Crowds throng to temples like Khajrana Ganesh temple in Indore and Chintaman Ganesh temple in Ujjain to witness the grand rituals. Religious and cultural festivals are held in different neighbourhoods.
Ganesh Chaturthi is known as Chovoth in Goa. A matoli is set up where the idol is worshipped with bhajans, aartis and pujas. Sweets like modak and neuri and other savoury items are distributed. Special vegetarian meals are prepared for the festival. Finally, the idol is prepared and then taken out for immersion into Goan waters.
Known as Vinayaka Chathurthi, this festival is celebrated during Chingam masam (month) in Kerala. Chingam is the first month of the year according to the Malayalam Calendar. As this calendar is different, the festival might occur a month before other states celebrate.
In Karnataka, the festival begins by celebrating Lord Ganesha’s mother, Gauri (Parvati). Celebrations are extensive across the different temples in the region and people often pray to both mother and son. Women, in particular, pray to Goddess Gauri for a long and happy married life, as well.
In Hyderabad, devotees flock to the Khairatabad idol – one of the tallest Ganesha idols installed for the festival. The festival ends with this gorgeous idol immersed in Hussain Sagar Lake.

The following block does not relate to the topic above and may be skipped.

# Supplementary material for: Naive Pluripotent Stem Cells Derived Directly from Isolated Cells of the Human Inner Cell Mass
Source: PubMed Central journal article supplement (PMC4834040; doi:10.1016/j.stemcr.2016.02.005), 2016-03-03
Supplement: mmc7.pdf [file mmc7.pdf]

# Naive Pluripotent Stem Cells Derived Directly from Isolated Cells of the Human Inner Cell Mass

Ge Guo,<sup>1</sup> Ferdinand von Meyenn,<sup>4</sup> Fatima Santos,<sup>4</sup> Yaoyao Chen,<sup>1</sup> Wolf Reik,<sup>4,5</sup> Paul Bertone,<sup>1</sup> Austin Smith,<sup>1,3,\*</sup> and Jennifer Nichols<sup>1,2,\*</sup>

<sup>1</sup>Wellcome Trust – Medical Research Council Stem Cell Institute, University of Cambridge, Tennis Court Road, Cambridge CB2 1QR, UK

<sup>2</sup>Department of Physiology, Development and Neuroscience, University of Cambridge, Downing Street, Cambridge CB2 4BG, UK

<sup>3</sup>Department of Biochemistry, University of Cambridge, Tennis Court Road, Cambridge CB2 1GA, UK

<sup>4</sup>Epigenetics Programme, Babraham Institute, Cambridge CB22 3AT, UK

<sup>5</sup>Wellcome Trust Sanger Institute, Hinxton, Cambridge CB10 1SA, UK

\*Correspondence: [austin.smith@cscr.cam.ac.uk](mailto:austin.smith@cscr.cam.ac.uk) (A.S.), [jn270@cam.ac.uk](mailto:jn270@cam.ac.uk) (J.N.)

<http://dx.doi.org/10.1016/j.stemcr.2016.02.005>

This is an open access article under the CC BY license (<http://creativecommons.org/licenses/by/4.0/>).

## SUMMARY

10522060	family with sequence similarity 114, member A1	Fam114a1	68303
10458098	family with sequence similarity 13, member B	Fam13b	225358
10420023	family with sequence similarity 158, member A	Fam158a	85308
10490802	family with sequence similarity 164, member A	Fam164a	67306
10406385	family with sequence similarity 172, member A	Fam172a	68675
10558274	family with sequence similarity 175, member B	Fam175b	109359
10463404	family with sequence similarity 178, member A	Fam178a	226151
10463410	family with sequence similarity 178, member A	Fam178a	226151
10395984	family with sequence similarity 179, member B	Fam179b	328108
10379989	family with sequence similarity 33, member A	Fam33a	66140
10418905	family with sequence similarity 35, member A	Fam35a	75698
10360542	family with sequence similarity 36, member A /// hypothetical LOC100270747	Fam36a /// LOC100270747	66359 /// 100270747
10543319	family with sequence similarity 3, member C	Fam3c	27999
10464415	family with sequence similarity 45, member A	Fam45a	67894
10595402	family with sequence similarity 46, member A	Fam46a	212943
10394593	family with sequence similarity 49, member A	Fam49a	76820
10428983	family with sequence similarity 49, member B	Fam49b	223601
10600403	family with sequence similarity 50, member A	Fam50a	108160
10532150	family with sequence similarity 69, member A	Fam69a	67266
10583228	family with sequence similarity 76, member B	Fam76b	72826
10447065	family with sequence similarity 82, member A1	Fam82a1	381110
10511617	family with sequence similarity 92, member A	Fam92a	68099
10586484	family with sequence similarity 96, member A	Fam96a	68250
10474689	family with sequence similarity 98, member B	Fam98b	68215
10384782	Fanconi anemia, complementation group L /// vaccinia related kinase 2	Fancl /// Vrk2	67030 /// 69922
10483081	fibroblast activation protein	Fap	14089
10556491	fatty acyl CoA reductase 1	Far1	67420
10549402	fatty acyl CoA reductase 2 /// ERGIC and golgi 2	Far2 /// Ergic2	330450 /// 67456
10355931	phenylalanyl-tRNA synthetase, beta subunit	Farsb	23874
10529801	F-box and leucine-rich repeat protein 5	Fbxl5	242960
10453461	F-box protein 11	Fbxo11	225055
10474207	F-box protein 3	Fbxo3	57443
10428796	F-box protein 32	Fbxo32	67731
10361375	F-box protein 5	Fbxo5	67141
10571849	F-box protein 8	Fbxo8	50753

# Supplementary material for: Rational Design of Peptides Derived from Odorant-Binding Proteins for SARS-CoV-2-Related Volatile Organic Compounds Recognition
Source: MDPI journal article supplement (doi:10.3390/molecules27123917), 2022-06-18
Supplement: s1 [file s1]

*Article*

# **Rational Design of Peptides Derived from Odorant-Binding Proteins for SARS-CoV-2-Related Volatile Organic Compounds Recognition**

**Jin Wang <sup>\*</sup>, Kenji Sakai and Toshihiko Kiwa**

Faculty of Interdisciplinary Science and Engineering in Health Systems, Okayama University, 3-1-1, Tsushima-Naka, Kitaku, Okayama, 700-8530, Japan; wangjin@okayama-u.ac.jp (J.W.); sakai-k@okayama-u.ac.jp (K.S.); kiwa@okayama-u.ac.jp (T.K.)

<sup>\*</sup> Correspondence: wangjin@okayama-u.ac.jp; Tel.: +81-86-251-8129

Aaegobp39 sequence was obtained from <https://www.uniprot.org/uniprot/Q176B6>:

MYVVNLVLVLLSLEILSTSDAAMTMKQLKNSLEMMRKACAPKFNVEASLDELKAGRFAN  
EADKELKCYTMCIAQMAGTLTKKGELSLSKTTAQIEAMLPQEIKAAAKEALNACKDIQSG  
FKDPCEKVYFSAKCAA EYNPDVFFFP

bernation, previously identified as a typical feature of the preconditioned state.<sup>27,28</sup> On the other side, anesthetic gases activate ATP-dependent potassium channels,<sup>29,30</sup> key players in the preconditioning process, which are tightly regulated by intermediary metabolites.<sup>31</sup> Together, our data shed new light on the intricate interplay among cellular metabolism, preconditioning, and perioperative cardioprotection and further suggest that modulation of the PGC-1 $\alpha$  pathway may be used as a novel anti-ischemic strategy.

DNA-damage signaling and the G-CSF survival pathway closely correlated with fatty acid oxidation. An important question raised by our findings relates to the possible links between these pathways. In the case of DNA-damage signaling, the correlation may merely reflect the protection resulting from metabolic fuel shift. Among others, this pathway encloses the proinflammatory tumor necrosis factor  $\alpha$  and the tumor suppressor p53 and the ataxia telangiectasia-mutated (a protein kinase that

Around the World
With Indians residing in every corner of the world, this festival is celebrated with equal fervour across the border too. Countries like Canada, Mauritius, Thailand, Singapore, Cambodia, Burma, the US, UK, and Fiji celebrate this festival and many of these countries’ governments have declared a public holiday for that day.
Ganeshotsav is celebrated in Mauritius by the local Hindu community which consists of 52% of the total population on this island. In fact, the first day of this festival is a public holiday in Mauritius. The Bhiwajee family first held the celebrations in 1896 at Cascade Valley in Henrietta. They have kept the tradition alive even today. It is glorious to celebrate this festival in the temple as the Ganesh idols made out of mud are established at temples and homes. Devotees visit temples, offer aarti and perform a traditional dance.